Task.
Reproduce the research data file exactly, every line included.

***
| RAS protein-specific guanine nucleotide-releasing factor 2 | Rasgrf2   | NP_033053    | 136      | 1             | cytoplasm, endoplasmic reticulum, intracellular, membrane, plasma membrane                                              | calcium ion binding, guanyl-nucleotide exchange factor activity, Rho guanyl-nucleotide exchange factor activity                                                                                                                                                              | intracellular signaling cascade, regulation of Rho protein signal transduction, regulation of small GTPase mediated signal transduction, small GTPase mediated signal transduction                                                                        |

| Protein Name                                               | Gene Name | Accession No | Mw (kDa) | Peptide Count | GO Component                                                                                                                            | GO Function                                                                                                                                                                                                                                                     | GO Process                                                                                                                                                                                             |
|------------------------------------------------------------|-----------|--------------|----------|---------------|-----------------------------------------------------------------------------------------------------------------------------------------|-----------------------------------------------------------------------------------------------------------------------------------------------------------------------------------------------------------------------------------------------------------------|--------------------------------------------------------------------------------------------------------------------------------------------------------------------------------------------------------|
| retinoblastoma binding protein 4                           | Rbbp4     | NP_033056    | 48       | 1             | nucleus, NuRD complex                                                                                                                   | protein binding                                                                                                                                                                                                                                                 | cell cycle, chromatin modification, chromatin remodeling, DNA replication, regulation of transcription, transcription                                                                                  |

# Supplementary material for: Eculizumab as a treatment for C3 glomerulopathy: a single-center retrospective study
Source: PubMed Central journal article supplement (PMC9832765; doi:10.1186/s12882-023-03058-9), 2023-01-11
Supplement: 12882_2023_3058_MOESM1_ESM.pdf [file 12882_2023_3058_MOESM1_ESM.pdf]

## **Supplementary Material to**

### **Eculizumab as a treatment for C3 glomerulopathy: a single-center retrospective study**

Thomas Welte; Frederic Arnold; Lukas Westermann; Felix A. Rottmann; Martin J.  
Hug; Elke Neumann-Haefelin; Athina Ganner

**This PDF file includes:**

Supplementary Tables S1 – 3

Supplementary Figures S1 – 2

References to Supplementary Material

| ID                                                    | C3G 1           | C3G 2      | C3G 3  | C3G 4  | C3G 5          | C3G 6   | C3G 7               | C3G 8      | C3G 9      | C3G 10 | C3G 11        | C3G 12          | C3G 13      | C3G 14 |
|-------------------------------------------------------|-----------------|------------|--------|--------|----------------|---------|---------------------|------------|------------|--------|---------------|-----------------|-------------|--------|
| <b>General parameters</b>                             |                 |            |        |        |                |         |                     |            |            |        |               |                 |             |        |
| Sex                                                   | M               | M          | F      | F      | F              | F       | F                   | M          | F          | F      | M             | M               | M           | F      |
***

| RAS protein-specific guanine nucleotide-releasing factor 2 | Rasgrf2   | NP_033053    | 136      | 1             | cytoplasm, endoplasmic reticulum, intracellular, membrane, plasma membrane                                              | calcium ion binding, guanyl-nucleotide exchange factor activity, Rho guanyl-nucleotide exchange factor activity                                                                                                                                                              | intracellular signaling cascade, regulation of Rho protein signal transduction, regulation of small GTPase mediated signal transduction, small GTPase mediated signal transduction                                                                        |

| Protein Name                                               | Gene Name | Accession No | Mw (kDa) | Peptide Count | GO Component                                                                                                                            | GO Function                                                                                                                                                                                                                                                     | GO Process                                                                                                                                                                                             |
|------------------------------------------------------------|-----------|--------------|----------|---------------|-----------------------------------------------------------------------------------------------------------------------------------------|-----------------------------------------------------------------------------------------------------------------------------------------------------------------------------------------------------------------------------------------------------------------|--------------------------------------------------------------------------------------------------------------------------------------------------------------------------------------------------------|
| retinoblastoma binding protein 4                           | Rbbp4     | NP_033056    | 48       | 1             | nucleus, NuRD complex                                                                                                                   | protein binding                                                                                                                                                                                                                                                 | cell cycle, chromatin modification, chromatin remodeling, DNA replication, regulation of transcription, transcription                                                                                  |

# Supplementary material for: Eculizumab as a treatment for C3 glomerulopathy: a single-center retrospective study
Source: PubMed Central journal article supplement (PMC9832765; doi:10.1186/s12882-023-03058-9), 2023-01-11
Supplement: 12882_2023_3058_MOESM1_ESM.pdf [file 12882_2023_3058_MOESM1_ESM.pdf]

## **Supplementary Material to**

### **Eculizumab as a treatment for C3 glomerulopathy: a single-center retrospective study**

Thomas Welte; Frederic Arnold; Lukas Westermann; Felix A. Rottmann; Martin J.  
Hug; Elke Neumann-Haefelin; Athina Ganner

**This PDF file includes:**

Supplementary Tables S1 – 3

Supplementary Figures S1 – 2

References to Supplementary Material

| ID                                                    | C3G 1           | C3G 2      | C3G 3  | C3G 4  | C3G 5          | C3G 6   | C3G 7               | C3G 8      | C3G 9      | C3G 10 | C3G 11        | C3G 12          | C3G 13      | C3G 14 |
|-------------------------------------------------------|-----------------|------------|--------|--------|----------------|---------|---------------------|------------|------------|--------|---------------|-----------------|-------------|--------|
| <b>General parameters</b>                             |                 |            |        |        |                |         |                     |            |            |        |               |                 |             |        |
| Sex                                                   | M               | M          | F      | F      | F              | F       | F                   | M          | F          | F      | M             | M               | M           | F      |